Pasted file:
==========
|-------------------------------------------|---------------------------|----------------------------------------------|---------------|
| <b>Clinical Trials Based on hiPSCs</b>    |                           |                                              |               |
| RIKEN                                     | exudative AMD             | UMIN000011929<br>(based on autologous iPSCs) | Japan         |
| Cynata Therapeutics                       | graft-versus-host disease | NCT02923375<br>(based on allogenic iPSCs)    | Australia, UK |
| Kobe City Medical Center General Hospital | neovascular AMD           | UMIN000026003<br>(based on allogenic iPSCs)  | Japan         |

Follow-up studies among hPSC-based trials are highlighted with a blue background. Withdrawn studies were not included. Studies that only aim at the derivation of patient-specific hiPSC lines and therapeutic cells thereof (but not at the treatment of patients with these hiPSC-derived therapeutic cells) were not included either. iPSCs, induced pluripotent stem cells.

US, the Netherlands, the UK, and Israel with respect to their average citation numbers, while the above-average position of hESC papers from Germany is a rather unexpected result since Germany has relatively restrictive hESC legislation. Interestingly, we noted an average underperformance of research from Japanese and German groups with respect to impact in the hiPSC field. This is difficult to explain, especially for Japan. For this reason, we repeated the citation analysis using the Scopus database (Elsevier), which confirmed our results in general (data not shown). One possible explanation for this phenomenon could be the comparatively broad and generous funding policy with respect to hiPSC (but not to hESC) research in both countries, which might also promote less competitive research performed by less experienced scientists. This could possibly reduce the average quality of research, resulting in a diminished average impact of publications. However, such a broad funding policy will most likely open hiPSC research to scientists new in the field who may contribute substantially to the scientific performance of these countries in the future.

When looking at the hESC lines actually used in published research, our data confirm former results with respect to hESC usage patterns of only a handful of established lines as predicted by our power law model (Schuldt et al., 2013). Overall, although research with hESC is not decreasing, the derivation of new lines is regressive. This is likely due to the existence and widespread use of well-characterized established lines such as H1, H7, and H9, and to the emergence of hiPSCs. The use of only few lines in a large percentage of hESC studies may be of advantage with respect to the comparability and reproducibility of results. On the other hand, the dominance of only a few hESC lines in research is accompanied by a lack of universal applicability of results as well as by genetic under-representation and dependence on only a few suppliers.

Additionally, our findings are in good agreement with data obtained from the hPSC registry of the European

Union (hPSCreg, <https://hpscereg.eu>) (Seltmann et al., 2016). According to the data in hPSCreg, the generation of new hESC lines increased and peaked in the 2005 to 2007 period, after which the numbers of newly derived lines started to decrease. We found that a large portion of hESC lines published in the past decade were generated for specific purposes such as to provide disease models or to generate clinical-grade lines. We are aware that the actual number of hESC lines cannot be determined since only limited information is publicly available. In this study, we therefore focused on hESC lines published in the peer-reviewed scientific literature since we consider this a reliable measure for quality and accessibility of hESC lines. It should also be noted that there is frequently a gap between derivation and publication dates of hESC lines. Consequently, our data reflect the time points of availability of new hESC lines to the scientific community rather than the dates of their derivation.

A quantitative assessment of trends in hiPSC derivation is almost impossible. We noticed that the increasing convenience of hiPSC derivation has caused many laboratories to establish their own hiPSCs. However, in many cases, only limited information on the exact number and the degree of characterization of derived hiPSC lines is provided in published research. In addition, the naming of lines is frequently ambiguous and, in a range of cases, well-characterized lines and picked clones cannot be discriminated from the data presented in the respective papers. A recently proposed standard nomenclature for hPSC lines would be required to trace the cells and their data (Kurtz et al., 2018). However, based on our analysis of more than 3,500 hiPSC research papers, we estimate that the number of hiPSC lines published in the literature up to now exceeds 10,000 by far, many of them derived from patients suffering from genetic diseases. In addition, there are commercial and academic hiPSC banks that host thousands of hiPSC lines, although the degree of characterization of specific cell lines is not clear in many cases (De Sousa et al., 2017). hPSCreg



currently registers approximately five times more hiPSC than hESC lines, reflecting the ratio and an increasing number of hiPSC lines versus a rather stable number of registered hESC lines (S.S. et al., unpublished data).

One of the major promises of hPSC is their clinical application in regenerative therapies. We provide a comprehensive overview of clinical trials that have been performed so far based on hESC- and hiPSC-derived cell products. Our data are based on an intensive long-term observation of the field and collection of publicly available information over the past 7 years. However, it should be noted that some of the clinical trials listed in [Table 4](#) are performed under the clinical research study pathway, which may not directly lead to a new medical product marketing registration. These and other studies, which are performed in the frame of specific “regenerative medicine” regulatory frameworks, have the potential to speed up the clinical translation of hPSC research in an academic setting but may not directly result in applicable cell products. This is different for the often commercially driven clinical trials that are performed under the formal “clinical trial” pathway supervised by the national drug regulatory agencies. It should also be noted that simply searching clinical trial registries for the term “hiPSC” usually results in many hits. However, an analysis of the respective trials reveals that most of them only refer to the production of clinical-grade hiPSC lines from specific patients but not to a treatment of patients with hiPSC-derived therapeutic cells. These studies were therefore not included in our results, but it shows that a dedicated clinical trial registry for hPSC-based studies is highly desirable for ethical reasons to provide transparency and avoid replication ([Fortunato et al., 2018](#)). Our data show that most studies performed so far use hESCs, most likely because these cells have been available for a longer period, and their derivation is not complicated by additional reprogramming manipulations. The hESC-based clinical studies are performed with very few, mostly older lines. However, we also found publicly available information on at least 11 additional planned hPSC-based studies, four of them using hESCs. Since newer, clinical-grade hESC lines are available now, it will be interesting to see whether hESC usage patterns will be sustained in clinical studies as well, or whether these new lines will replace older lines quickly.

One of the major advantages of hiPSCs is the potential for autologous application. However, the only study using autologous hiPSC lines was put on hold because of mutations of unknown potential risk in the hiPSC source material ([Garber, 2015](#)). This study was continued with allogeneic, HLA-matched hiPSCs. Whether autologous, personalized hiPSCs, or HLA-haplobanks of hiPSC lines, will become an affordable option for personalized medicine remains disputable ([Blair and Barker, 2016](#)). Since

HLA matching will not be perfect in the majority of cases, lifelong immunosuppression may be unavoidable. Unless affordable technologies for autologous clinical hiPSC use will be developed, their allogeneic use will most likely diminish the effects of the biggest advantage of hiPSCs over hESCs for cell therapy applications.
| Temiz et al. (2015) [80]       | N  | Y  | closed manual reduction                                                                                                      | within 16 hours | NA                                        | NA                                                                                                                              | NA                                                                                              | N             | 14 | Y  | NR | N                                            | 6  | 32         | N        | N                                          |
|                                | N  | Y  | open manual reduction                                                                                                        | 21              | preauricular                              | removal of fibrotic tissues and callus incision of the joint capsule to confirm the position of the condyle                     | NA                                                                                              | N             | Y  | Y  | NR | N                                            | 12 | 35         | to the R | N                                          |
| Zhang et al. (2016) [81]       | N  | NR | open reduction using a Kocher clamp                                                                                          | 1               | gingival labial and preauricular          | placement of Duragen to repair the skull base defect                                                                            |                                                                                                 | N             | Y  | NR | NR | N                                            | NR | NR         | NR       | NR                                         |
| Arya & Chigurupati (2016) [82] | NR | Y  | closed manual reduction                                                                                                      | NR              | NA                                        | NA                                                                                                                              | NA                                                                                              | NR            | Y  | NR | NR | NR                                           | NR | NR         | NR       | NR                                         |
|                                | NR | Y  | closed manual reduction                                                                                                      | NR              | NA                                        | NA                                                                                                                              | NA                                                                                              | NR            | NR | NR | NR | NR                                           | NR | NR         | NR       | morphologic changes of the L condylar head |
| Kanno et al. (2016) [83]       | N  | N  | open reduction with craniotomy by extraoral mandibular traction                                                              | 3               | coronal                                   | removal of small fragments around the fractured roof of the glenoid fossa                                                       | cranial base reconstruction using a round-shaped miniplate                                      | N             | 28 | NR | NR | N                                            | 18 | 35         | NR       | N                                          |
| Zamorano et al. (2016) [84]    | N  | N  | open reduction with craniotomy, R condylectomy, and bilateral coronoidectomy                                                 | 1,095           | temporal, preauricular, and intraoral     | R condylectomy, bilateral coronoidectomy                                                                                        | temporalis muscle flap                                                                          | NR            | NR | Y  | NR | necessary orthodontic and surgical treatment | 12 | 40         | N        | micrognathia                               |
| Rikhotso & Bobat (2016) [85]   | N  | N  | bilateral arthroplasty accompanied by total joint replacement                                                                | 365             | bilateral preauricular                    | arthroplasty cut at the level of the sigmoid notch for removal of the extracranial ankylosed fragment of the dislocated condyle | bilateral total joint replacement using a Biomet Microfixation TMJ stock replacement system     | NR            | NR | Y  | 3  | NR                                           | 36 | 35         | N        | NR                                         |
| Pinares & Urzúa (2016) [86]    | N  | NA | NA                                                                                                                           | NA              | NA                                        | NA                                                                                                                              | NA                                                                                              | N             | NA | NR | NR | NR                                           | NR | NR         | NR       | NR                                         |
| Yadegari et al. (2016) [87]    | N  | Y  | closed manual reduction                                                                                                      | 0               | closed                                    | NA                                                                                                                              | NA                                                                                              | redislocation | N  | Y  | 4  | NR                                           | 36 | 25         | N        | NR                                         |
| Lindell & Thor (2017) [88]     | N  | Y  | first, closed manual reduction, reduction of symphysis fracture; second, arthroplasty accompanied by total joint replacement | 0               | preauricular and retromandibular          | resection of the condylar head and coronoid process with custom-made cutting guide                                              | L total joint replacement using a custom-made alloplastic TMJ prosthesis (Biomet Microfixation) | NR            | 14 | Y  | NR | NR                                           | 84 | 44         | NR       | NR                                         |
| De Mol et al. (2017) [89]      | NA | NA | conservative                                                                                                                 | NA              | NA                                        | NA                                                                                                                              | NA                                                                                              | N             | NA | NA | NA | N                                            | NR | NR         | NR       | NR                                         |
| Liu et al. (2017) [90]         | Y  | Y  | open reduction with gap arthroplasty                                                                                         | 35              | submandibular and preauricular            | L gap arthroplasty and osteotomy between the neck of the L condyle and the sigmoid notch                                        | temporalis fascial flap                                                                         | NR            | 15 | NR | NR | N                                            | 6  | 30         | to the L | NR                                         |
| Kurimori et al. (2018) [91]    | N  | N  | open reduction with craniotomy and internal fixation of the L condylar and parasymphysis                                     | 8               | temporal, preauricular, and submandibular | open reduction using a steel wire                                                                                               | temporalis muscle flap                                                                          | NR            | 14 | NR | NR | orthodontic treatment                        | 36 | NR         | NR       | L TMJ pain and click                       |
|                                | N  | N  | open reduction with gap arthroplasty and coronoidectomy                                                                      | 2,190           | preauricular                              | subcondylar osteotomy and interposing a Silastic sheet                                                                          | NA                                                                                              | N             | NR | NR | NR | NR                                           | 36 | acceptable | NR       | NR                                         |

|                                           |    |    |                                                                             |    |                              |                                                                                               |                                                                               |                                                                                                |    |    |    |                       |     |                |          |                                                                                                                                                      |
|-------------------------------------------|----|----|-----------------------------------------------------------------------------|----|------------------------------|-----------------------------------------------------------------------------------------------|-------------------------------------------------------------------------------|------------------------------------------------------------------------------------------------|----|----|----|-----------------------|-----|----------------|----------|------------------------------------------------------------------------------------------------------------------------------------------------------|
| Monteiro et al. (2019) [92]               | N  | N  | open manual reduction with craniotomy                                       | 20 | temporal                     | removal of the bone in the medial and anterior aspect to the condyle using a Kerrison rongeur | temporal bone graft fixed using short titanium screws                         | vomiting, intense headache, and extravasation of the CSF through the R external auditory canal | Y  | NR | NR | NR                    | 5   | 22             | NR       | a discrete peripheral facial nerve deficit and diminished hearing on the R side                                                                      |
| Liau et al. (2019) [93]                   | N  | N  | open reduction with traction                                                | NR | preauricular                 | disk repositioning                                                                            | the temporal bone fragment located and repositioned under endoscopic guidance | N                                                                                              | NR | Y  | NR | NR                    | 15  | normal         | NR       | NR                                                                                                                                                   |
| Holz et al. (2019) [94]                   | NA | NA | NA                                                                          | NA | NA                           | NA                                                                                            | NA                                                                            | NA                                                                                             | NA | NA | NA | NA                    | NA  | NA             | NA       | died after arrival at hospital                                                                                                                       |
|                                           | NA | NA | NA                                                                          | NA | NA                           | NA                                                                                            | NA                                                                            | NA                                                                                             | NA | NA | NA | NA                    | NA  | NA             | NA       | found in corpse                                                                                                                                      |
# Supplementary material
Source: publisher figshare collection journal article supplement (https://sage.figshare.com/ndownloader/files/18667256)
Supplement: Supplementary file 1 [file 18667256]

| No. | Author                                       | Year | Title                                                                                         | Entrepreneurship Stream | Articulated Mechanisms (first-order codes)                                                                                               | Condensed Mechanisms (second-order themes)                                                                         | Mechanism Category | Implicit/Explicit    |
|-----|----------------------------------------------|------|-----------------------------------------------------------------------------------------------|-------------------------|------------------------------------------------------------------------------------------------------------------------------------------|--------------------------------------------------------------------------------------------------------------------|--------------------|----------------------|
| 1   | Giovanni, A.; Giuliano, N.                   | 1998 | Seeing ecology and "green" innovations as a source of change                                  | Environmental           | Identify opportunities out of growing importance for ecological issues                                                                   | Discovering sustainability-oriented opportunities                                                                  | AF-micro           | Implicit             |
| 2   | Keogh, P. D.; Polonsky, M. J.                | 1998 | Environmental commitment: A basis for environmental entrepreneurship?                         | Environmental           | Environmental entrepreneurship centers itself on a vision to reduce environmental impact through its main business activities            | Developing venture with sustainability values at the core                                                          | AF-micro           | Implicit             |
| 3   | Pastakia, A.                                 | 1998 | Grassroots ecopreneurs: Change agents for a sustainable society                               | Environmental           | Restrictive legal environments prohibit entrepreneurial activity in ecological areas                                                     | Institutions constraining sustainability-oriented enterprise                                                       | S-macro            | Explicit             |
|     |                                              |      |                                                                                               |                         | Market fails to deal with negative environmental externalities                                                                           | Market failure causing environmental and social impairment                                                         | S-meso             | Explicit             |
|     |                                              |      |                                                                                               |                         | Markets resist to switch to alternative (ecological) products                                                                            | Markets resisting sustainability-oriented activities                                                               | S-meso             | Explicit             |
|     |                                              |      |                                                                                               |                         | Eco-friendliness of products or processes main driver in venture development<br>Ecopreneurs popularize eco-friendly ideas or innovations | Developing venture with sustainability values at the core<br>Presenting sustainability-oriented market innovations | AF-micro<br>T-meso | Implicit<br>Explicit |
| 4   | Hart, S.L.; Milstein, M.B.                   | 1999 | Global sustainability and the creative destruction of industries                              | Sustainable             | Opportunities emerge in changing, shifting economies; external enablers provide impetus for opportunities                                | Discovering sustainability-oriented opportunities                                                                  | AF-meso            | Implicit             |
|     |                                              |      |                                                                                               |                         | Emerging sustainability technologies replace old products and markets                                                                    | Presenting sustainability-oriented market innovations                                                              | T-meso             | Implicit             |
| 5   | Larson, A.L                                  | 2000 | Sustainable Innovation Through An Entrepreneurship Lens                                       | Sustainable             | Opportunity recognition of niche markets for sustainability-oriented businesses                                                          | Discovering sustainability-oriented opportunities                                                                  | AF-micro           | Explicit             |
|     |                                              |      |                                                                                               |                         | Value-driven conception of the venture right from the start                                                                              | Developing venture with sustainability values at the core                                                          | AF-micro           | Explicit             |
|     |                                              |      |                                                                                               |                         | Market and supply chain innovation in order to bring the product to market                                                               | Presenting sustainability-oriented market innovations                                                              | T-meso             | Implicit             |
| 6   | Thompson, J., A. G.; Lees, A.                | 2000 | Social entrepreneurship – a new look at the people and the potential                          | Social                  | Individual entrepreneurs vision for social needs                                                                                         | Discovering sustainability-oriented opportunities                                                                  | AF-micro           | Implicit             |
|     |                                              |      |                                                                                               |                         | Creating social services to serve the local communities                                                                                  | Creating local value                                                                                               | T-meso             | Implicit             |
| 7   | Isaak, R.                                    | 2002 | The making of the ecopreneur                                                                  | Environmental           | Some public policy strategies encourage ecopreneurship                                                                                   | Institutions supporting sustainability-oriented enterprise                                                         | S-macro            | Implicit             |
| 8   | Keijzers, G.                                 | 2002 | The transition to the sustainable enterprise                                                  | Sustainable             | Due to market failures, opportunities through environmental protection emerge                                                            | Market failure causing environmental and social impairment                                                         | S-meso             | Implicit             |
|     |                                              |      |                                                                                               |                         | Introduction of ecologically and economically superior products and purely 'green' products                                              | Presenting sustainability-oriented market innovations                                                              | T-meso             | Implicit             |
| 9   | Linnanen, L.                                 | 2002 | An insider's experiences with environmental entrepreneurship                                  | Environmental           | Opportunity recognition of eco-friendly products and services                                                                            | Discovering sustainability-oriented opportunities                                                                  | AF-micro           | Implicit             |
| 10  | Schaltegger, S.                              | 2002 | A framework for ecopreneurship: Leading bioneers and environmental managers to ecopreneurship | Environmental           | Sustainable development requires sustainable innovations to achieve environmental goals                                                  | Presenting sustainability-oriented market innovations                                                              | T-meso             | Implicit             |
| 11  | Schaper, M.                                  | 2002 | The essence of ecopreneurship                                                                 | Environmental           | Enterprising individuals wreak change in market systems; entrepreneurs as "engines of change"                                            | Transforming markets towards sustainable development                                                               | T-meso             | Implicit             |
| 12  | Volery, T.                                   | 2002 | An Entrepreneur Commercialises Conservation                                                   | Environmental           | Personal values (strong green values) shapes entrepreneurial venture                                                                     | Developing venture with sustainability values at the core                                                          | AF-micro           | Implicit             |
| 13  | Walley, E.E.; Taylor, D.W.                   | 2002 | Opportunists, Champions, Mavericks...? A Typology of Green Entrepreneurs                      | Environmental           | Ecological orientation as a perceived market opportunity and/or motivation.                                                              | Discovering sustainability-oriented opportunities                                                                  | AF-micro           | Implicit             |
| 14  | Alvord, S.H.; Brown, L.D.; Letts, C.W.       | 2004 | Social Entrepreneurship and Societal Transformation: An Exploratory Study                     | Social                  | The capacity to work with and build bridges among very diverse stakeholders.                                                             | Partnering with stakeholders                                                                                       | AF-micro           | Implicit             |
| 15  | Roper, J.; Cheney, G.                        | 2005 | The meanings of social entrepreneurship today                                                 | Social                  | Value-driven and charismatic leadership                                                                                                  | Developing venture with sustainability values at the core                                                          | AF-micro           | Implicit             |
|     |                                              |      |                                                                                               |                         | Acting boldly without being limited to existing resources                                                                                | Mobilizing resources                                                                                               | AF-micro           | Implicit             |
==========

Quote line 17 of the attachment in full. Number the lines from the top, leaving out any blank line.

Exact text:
|                                | N  | Y  | open manual reduction                                                                                                        | 21              | preauricular                              | removal of fibrotic tissues and callus incision of the joint capsule to confirm the position of the condyle                     | NA                                                                                              | N             | Y  | Y  | NR | N                                            | 12 | 35         | to the R | N                                          |